Cinema puts on private screening for girl with autism after mum mixes up the times
A cinema in Wiltshire has given a private screening to a four-year-old with autism and her mum after they arrived to see a film at the wrong time.
Natalie Long took her daughters Indie (who's autistic) and Thea to see The Smurfs: Lost Village at the Odeon in Trowbridge.
But Natalie mixed up the times and they arrived two hours early for a showing.
"Indie started getting upset and frustrated," Natalie tells Newsbeat.
"She couldn't quite understand why we couldn't watch it there and then."
Children who have autism can often struggle when their routine is disrupted unexpectedly and can become angry and upset.
Indie has been obsessed with the Smurfs since she was given a toy with a burger.
Natalie was also with her friend Kayleigh, who explained to cinema staff what had happened in the hope that they could make another film autism-friendly by turning the volume down.
Instead, because the cinema was quiet at 10:15am on a Monday, they offered to put on a special screening of the Smurfs movie just for Indie.
In autism-friendly movies the volume is lower, the lights in the cinema stay on and there are no adverts.
"I'm not sure whether we've ever experienced anything like this before," Natalie says.
"Usually, we have things planned out for her, and if things do change she can get upset and she can go quiet or start shouting, crying and getting a bit overwhelmed by everything."
Both Indie and Natalie were thrilled with the effort cinema staff made to help the family.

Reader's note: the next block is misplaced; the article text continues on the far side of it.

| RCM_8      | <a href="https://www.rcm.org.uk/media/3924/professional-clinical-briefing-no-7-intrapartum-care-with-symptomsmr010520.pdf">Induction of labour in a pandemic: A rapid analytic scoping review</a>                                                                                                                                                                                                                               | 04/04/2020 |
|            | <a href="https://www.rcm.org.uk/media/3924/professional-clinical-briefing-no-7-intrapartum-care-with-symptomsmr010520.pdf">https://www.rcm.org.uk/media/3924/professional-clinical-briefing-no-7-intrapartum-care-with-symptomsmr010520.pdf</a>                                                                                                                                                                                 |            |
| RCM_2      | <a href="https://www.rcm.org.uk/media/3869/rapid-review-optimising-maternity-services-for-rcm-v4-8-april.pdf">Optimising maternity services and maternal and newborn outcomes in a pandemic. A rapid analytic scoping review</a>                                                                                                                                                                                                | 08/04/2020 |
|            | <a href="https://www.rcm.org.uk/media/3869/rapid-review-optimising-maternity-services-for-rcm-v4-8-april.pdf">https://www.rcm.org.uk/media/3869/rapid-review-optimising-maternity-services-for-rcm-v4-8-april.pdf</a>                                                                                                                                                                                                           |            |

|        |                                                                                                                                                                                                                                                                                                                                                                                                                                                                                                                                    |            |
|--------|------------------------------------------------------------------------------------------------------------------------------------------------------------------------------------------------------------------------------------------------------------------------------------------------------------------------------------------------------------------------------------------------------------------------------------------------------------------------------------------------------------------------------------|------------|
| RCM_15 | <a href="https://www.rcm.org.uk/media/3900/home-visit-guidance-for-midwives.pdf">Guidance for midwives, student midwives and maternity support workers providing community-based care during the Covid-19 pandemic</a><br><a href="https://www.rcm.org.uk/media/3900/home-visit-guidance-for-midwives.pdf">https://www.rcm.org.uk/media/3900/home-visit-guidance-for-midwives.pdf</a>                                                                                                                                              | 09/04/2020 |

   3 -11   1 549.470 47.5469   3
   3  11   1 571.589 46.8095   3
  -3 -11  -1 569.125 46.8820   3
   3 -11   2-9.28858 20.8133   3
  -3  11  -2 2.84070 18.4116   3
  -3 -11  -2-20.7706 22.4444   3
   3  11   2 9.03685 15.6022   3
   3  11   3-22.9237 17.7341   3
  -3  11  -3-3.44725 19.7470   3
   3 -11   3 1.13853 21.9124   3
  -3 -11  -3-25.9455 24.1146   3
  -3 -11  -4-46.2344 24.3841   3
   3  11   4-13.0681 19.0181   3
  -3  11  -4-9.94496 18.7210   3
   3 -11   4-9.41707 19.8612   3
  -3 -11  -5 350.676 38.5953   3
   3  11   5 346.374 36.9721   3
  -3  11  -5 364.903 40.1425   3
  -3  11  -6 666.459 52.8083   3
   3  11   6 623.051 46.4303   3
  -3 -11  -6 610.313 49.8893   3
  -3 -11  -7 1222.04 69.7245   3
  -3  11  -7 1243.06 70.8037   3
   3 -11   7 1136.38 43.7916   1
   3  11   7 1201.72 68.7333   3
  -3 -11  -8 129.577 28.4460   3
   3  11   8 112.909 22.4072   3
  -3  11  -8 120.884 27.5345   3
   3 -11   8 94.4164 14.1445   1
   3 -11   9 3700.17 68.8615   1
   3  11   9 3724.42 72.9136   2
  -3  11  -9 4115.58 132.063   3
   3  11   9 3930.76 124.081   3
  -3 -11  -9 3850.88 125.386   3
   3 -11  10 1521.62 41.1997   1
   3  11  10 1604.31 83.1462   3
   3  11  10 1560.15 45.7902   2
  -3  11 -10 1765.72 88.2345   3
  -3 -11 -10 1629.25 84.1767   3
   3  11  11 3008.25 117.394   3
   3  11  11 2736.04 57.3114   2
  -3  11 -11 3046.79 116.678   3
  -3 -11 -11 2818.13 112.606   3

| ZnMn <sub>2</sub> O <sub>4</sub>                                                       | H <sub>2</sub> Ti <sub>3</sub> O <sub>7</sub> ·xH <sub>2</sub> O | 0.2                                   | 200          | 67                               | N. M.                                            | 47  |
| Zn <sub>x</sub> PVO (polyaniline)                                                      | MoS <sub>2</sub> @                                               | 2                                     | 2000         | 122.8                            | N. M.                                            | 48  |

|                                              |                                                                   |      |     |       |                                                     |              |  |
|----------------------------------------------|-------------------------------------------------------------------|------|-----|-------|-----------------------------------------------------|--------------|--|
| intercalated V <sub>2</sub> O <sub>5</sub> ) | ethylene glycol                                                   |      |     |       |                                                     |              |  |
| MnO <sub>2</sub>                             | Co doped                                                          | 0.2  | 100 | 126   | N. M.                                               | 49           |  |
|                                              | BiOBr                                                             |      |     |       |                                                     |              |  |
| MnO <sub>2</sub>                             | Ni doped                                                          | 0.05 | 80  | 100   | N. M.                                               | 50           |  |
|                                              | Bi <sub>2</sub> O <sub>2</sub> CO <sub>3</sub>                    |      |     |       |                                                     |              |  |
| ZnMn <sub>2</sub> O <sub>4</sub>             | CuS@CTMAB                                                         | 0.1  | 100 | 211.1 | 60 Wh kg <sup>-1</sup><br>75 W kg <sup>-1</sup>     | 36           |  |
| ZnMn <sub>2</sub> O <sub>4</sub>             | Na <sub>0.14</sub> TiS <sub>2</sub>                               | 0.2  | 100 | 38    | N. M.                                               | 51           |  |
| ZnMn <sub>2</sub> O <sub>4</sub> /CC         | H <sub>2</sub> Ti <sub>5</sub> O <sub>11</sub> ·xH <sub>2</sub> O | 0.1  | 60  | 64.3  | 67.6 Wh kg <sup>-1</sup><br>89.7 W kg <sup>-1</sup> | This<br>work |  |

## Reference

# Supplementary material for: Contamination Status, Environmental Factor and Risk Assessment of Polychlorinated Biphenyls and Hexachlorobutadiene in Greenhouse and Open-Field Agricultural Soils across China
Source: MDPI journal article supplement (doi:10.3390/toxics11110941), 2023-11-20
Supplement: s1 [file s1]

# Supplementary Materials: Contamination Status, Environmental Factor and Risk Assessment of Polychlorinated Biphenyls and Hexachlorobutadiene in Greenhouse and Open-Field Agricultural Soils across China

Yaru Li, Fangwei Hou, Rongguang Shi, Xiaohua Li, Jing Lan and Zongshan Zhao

"As a mum, the best thing that can happen is for the kids to be happy and she was absolutely ecstatic," she says.
Natalie has told Newsbeat that she's more used to experiencing negative reactions when Indie becomes upset in public because of her autism.
"We have been on a train before and it got too much for her, so she started kicking and hitting," she says.
"She wasn't in control of what was going on. I was having to restrain her to stop her hurting herself or other people.
"People look on and just assume she is misbehaving. No-one has ever said anything.
"I'm waiting for it one day because obviously people don't understand and everyone just makes assumptions."
Natalie says more understanding of autism in young children would make life for her, and other young mums, much easier.
"It would be great to get a bit of acknowledgement that it isn't just misbehaving," she says.
"It gets too much and the more people try and talk to her or do anything to get her attention, the worse she becomes. It's best to just leave her be."
Mark Lever, chief executive of the National Autistic Society says Natalie's story is "really heart warming".
"It's wonderful to hear about the team's understanding response to Indie and her family," he tells Newsbeat in a statement.
"We hope that this will inspire other organisations and will [help them] think [of] small things they can do to make the world a more autism-friendly place."